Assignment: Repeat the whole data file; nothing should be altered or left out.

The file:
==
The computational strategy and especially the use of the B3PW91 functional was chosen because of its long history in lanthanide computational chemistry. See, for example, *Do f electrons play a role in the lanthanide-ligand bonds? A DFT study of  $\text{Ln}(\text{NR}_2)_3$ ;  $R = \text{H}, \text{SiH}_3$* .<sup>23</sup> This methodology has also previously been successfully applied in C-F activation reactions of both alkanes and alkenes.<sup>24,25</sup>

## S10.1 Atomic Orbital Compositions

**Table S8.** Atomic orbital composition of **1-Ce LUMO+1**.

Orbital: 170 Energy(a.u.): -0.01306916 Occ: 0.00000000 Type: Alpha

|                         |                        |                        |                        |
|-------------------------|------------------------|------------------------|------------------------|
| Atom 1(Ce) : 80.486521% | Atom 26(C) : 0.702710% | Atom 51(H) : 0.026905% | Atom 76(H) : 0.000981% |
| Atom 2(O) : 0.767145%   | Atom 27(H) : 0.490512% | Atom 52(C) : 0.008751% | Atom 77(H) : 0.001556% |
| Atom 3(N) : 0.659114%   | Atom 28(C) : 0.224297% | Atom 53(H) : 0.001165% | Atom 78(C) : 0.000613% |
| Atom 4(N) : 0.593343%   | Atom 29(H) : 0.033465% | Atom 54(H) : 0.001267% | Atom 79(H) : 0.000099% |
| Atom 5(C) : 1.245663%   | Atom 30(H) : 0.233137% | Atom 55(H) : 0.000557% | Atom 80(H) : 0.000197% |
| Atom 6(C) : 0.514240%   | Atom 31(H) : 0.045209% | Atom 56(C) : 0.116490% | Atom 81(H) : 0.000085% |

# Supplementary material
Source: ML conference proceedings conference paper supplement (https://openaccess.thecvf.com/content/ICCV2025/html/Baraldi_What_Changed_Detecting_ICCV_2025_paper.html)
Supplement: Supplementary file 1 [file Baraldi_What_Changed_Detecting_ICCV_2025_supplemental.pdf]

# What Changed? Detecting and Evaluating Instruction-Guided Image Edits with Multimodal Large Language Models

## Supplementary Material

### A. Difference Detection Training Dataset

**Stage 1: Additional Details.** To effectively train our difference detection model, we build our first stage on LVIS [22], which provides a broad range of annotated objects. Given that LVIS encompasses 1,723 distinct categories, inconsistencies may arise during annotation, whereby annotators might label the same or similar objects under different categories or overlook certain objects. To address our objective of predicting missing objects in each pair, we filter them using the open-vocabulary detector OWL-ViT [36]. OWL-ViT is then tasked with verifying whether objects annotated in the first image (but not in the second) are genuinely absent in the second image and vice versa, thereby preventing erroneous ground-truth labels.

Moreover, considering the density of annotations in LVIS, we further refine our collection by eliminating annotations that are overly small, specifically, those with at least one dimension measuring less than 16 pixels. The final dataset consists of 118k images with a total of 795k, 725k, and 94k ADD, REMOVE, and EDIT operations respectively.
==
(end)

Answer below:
The computational strategy and especially the use of the B3PW91 functional was chosen because of its long history in lanthanide computational chemistry. See, for example, *Do f electrons play a role in the lanthanide-ligand bonds? A DFT study of  $\text{Ln}(\text{NR}_2)_3$ ;  $R = \text{H}, \text{SiH}_3$* .<sup>23</sup> This methodology has also previously been successfully applied in C-F activation reactions of both alkanes and alkenes.<sup>24,25</sup>

## S10.1 Atomic Orbital Compositions

**Table S8.** Atomic orbital composition of **1-Ce LUMO+1**.

Orbital: 170 Energy(a.u.): -0.01306916 Occ: 0.00000000 Type: Alpha

|                         |                        |                        |                        |
|-------------------------|------------------------|------------------------|------------------------|
| Atom 1(Ce) : 80.486521% | Atom 26(C) : 0.702710% | Atom 51(H) : 0.026905% | Atom 76(H) : 0.000981% |
| Atom 2(O) : 0.767145%   | Atom 27(H) : 0.490512% | Atom 52(C) : 0.008751% | Atom 77(H) : 0.001556% |
| Atom 3(N) : 0.659114%   | Atom 28(C) : 0.224297% | Atom 53(H) : 0.001165% | Atom 78(C) : 0.000613% |
| Atom 4(N) : 0.593343%   | Atom 29(H) : 0.033465% | Atom 54(H) : 0.001267% | Atom 79(H) : 0.000099% |
| Atom 5(C) : 1.245663%   | Atom 30(H) : 0.233137% | Atom 55(H) : 0.000557% | Atom 80(H) : 0.000197% |
| Atom 6(C) : 0.514240%   | Atom 31(H) : 0.045209% | Atom 56(C) : 0.116490% | Atom 81(H) : 0.000085% |

# Supplementary material
Source: ML conference proceedings conference paper supplement (https://openaccess.thecvf.com/content/ICCV2025/html/Baraldi_What_Changed_Detecting_ICCV_2025_paper.html)
Supplement: Supplementary file 1 [file Baraldi_What_Changed_Detecting_ICCV_2025_supplemental.pdf]

# What Changed? Detecting and Evaluating Instruction-Guided Image Edits with Multimodal Large Language Models

## Supplementary Material

### A. Difference Detection Training Dataset

**Stage 1: Additional Details.** To effectively train our difference detection model, we build our first stage on LVIS [22], which provides a broad range of annotated objects. Given that LVIS encompasses 1,723 distinct categories, inconsistencies may arise during annotation, whereby annotators might label the same or similar objects under different categories or overlook certain objects. To address our objective of predicting missing objects in each pair, we filter them using the open-vocabulary detector OWL-ViT [36]. OWL-ViT is then tasked with verifying whether objects annotated in the first image (but not in the second) are genuinely absent in the second image and vice versa, thereby preventing erroneous ground-truth labels.

Moreover, considering the density of annotations in LVIS, we further refine our collection by eliminating annotations that are overly small, specifically, those with at least one dimension measuring less than 16 pixels. The final dataset consists of 118k images with a total of 795k, 725k, and 94k ADD, REMOVE, and EDIT operations respectively.